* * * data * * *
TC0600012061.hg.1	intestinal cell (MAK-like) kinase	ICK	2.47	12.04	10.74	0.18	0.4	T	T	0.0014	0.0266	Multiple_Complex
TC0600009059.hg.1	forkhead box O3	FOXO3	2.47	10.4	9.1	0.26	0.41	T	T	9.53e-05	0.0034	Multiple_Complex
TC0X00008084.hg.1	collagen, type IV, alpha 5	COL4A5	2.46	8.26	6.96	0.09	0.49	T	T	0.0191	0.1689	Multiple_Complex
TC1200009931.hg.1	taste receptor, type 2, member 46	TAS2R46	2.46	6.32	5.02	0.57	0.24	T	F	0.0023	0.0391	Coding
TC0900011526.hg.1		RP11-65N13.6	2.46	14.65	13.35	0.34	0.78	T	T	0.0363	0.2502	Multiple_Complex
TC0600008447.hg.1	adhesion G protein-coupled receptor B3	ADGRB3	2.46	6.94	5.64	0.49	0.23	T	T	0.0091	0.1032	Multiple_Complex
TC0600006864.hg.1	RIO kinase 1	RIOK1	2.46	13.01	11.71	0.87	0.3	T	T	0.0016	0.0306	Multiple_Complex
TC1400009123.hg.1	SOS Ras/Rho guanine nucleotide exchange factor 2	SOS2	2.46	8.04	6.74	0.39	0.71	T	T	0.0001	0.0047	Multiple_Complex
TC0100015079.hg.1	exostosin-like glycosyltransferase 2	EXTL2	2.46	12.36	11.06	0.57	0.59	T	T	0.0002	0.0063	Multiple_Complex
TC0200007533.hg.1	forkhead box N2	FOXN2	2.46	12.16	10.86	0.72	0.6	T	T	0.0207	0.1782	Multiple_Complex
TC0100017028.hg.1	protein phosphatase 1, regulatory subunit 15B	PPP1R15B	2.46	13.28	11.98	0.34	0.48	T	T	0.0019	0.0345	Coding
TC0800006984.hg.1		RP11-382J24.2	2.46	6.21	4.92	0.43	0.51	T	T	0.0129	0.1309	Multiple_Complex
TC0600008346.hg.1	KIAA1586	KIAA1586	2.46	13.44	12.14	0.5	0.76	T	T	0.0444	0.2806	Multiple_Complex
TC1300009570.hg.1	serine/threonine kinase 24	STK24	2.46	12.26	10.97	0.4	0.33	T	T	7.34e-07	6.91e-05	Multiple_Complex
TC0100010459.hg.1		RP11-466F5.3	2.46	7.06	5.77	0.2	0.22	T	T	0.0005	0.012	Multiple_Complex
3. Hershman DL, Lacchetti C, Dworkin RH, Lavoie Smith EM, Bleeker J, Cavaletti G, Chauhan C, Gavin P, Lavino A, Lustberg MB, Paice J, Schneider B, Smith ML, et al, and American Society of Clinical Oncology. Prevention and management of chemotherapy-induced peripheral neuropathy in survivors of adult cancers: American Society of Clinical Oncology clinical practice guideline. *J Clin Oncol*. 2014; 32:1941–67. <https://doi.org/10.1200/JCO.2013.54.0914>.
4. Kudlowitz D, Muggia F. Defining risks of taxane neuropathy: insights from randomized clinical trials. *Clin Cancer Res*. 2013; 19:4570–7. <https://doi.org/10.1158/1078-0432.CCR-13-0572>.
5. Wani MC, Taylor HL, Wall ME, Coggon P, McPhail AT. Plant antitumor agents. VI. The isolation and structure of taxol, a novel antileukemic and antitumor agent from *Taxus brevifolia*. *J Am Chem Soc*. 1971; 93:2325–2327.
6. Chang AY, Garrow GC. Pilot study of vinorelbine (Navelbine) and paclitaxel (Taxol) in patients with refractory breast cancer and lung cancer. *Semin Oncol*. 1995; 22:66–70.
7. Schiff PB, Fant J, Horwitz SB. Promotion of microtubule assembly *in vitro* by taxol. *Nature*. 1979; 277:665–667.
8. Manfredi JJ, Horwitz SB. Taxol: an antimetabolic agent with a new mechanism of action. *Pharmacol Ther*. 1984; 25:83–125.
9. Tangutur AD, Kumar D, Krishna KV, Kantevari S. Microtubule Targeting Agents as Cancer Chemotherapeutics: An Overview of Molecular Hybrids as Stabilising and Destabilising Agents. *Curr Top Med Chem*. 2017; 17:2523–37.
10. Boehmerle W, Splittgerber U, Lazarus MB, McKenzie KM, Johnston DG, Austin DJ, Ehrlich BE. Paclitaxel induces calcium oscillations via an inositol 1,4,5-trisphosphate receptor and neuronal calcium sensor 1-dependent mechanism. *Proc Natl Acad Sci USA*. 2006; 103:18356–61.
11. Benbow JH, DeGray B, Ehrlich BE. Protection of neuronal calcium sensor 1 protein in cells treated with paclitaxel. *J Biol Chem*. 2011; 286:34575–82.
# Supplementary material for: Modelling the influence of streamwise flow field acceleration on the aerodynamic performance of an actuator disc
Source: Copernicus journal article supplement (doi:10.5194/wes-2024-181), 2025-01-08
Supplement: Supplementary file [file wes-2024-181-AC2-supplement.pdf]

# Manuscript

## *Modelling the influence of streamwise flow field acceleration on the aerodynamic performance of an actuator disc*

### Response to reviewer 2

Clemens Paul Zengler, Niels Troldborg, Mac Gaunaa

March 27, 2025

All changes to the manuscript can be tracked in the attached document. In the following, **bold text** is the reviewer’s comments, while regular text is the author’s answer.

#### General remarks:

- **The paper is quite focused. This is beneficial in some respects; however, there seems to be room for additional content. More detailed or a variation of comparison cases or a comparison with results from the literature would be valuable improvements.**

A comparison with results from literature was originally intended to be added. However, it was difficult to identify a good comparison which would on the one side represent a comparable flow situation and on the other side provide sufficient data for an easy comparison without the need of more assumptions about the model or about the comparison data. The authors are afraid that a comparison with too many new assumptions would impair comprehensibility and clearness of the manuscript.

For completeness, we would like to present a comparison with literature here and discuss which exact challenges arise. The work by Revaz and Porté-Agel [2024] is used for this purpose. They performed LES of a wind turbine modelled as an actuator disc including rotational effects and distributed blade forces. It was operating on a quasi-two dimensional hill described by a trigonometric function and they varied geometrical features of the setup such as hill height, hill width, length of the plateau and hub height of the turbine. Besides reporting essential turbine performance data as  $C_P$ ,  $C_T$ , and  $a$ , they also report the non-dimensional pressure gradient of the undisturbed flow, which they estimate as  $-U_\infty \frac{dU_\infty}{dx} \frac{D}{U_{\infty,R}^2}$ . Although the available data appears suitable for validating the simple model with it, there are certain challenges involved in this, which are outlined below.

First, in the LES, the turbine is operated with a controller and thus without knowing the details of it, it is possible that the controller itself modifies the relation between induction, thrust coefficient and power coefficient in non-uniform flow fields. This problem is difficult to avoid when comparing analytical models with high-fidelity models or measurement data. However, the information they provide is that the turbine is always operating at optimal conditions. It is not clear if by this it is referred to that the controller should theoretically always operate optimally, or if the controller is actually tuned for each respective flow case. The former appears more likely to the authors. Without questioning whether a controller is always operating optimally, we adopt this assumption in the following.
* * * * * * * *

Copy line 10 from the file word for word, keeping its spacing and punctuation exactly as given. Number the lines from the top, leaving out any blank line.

TC0200007533.hg.1	forkhead box N2	FOXN2	2.46	12.16	10.86	0.72	0.6	T	T	0.0207	0.1782	Multiple_Complex